As a new round of Russian-EU negotiations on visa-free travel begins, the difficult task of improving the process by which citizens of Russia and the CIS obtain Schengen visas remains.
Neither the expansion of NATO—even if Russia is added—nor the European security pact proposed by Medvedev alone are capable of uniting Europe. What is needed is the creation of a common security zone encompassing all of these states in which war and the use of armed forces would be abolished.
The tragic death of the Polish president might give Poland and Russia a chance to move beyond their historical animosity, but it will still take hard effort on both sides to break away from the past and at long last come to terms with each other.
The visa facilitation agreements with the EU have made getting visas easier and cheaper, but they have not significantly diminished the amount of time it takes, nor have they simplified procedures for obtaining long-term multi-entry visas.
History is being newly politicized in Russia and in the countries of Central and Eastern Europe, and history itself is becoming a field of politics, but historians can and should resist manipulation by politicians.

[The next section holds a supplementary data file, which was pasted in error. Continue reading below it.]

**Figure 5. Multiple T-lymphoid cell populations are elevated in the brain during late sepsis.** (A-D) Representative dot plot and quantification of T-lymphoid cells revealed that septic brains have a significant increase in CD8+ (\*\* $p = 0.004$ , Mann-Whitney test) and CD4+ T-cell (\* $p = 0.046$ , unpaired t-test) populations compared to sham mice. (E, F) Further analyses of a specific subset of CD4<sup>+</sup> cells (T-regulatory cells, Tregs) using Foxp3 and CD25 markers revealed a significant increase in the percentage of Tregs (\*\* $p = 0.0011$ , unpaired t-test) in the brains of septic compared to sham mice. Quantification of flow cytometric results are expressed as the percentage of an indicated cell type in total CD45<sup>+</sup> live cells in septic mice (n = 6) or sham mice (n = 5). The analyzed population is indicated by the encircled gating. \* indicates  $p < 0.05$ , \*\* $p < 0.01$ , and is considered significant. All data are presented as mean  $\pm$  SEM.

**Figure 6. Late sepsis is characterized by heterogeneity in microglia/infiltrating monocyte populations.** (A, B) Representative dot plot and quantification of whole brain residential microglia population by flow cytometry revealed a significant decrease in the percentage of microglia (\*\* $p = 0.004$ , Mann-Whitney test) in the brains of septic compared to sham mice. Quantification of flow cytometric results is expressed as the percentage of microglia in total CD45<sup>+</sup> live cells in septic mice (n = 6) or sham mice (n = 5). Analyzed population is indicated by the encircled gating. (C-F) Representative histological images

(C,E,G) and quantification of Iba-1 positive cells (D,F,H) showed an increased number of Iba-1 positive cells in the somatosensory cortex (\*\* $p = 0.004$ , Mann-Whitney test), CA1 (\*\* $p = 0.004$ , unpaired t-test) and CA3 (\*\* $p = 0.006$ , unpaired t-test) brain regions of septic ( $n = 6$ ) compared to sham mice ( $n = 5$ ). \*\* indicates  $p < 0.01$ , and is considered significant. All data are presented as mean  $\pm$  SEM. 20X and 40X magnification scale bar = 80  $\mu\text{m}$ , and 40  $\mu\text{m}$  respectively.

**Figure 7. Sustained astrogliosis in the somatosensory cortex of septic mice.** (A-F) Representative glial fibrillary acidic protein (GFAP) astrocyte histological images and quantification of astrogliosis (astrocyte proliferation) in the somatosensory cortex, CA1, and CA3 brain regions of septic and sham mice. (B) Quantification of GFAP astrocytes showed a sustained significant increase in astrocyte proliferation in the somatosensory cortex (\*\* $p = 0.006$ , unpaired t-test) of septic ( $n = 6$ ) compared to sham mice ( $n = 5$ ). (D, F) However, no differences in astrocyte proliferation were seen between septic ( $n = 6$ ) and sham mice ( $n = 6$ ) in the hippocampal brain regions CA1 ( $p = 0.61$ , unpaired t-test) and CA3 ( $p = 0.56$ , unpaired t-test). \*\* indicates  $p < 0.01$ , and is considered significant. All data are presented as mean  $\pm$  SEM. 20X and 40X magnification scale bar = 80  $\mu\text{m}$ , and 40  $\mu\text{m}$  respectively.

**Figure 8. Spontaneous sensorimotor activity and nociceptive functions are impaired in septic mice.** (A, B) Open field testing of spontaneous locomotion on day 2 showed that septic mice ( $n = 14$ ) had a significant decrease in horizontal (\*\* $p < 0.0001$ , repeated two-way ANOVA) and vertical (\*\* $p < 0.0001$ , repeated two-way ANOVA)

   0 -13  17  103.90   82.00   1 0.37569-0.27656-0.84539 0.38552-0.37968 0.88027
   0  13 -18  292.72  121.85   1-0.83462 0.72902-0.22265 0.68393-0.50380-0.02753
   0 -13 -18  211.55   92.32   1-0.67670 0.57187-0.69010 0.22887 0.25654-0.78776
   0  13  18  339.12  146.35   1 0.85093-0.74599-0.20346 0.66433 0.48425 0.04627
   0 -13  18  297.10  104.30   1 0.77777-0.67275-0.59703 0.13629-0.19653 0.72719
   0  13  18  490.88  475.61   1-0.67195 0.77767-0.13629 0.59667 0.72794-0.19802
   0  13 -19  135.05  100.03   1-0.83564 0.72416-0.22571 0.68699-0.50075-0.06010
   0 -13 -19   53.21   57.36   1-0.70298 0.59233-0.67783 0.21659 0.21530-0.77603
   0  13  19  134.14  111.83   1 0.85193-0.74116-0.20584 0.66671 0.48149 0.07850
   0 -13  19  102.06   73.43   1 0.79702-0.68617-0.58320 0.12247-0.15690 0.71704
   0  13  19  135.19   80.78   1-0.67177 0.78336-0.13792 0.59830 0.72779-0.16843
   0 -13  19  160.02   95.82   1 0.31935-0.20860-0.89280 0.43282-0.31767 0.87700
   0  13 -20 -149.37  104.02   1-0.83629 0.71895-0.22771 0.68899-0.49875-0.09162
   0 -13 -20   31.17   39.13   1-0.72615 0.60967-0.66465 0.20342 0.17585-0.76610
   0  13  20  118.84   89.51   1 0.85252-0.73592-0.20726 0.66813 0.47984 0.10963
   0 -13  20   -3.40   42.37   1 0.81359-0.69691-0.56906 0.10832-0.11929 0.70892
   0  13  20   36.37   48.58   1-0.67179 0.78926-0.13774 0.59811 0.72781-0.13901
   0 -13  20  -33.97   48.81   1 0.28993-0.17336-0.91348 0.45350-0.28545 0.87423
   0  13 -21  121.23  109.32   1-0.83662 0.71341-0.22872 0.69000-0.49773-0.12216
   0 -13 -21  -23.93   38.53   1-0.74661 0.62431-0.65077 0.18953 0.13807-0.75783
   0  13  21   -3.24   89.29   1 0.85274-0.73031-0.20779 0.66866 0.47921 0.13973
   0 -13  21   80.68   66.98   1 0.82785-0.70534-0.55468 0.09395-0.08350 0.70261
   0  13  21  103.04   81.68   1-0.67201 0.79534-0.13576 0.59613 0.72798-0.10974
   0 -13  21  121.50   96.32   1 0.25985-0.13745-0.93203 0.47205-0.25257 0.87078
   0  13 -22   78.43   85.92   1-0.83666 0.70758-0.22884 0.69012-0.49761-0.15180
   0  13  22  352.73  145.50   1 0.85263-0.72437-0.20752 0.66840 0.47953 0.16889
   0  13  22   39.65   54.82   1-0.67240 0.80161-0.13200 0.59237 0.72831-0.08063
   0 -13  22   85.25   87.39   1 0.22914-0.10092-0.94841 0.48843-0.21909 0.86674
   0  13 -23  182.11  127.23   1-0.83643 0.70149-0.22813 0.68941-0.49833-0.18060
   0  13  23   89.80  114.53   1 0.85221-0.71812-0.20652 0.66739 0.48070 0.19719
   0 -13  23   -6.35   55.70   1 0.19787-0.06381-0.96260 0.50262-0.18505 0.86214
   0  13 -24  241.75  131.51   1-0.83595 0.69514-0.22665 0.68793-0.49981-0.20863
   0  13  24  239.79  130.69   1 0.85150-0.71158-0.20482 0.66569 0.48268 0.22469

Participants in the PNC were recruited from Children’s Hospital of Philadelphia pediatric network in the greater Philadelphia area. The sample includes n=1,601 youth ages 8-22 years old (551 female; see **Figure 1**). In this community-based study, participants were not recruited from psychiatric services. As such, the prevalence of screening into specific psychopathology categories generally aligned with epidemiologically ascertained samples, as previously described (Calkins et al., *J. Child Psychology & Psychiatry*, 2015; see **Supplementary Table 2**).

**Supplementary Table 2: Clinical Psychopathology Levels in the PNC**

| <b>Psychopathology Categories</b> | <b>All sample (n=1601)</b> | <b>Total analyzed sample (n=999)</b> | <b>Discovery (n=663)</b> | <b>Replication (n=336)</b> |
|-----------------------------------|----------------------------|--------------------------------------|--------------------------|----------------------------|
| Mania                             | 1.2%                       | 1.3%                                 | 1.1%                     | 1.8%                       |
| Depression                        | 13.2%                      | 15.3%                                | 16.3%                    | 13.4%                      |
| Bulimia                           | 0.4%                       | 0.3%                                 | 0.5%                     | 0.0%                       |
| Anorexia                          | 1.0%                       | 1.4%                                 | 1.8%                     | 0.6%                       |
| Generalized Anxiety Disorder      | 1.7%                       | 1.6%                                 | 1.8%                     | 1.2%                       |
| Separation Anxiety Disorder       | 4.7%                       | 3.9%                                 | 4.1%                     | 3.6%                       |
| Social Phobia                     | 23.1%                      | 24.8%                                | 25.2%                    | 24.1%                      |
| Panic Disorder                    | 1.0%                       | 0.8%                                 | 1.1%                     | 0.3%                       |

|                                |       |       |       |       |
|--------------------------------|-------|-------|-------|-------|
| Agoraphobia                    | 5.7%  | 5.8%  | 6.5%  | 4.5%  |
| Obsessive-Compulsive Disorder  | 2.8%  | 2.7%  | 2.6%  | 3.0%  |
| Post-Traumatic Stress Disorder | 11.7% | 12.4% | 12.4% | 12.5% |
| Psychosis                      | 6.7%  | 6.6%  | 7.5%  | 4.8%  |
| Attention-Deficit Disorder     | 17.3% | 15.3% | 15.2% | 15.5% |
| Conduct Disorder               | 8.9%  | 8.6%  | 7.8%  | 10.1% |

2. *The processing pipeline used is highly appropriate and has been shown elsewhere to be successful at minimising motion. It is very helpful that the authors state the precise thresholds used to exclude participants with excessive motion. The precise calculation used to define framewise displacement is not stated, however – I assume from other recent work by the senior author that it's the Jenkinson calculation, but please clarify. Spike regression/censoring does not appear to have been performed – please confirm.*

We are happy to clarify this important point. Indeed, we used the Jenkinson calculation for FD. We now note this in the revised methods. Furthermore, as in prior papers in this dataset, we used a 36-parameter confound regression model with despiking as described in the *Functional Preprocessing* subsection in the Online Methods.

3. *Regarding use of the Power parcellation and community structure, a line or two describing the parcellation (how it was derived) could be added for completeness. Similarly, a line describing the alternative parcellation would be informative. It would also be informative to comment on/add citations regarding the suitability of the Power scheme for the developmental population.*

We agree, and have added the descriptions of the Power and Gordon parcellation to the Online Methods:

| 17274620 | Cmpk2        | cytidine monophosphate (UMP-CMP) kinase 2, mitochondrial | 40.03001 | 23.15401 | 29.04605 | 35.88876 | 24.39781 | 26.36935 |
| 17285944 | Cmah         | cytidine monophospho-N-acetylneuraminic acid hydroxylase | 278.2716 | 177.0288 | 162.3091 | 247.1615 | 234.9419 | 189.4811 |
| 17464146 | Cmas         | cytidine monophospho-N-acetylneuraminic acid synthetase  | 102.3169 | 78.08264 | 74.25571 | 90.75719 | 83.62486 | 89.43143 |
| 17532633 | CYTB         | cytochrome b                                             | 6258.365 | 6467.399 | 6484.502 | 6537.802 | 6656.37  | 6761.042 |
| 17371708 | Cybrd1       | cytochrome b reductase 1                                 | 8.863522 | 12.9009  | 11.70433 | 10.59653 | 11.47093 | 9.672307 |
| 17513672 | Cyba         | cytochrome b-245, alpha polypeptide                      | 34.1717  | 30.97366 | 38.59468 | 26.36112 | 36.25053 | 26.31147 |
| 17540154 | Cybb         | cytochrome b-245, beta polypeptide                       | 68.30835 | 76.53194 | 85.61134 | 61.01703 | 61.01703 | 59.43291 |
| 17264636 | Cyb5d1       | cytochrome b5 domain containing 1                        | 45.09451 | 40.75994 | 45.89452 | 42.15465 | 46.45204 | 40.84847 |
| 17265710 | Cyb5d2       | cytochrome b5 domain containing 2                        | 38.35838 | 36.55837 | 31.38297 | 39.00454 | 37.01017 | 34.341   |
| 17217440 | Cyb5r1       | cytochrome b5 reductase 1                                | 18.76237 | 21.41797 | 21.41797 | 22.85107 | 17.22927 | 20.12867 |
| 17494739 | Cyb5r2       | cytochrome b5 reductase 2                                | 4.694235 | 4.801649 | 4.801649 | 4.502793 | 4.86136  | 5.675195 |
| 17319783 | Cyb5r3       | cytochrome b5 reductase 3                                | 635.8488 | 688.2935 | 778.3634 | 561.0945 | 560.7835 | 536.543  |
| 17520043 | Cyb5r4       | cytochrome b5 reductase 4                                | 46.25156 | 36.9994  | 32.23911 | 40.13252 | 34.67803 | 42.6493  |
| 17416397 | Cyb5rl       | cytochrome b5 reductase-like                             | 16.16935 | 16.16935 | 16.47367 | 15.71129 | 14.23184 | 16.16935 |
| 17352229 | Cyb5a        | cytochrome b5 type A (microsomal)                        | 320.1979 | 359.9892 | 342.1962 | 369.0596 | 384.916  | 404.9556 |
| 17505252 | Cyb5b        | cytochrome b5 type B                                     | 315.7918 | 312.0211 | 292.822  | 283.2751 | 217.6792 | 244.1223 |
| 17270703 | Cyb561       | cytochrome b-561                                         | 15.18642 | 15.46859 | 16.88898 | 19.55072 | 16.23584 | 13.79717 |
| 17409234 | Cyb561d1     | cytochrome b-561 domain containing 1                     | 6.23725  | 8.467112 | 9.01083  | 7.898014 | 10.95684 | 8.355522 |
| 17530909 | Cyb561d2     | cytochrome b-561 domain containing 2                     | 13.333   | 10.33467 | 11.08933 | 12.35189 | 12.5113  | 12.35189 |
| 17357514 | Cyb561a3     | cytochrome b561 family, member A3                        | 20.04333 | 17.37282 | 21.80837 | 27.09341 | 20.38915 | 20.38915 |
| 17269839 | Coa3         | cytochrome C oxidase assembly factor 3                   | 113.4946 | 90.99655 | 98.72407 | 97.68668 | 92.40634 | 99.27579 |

Viktor Yanukovich will likely be the winner of the presidential election in Ukraine, and once in office, he will have to confront the biggest risk to Ukraine's independence and security: a continuation of divided government and policy paralysis.
Viktor Yanukovich's apparent victory in the second round of presidential elections should not be interpreted as the end of Ukraine's democratic experiment. Ukrainian politics is set to remain multi-polar for the foreseeable future.
Russia’s current ruling elite understands the threat posed by an ethnic project of nation-building and, therefore, seeks to adhere to a supranational concept of Russia as a civilization.
The first round of the Ukrainian presidential election brought no particular surprises. Regardless of who wins in the second round, Russian-Ukrainian relations will get a positive new boost.
Whoever wins the upcoming presidential election in Ukraine must lead a country divided by identity issues and hit hard by the global financial meltdown, while maintaining a delicate balance between Western integration and Eastern cultural roots and affinities.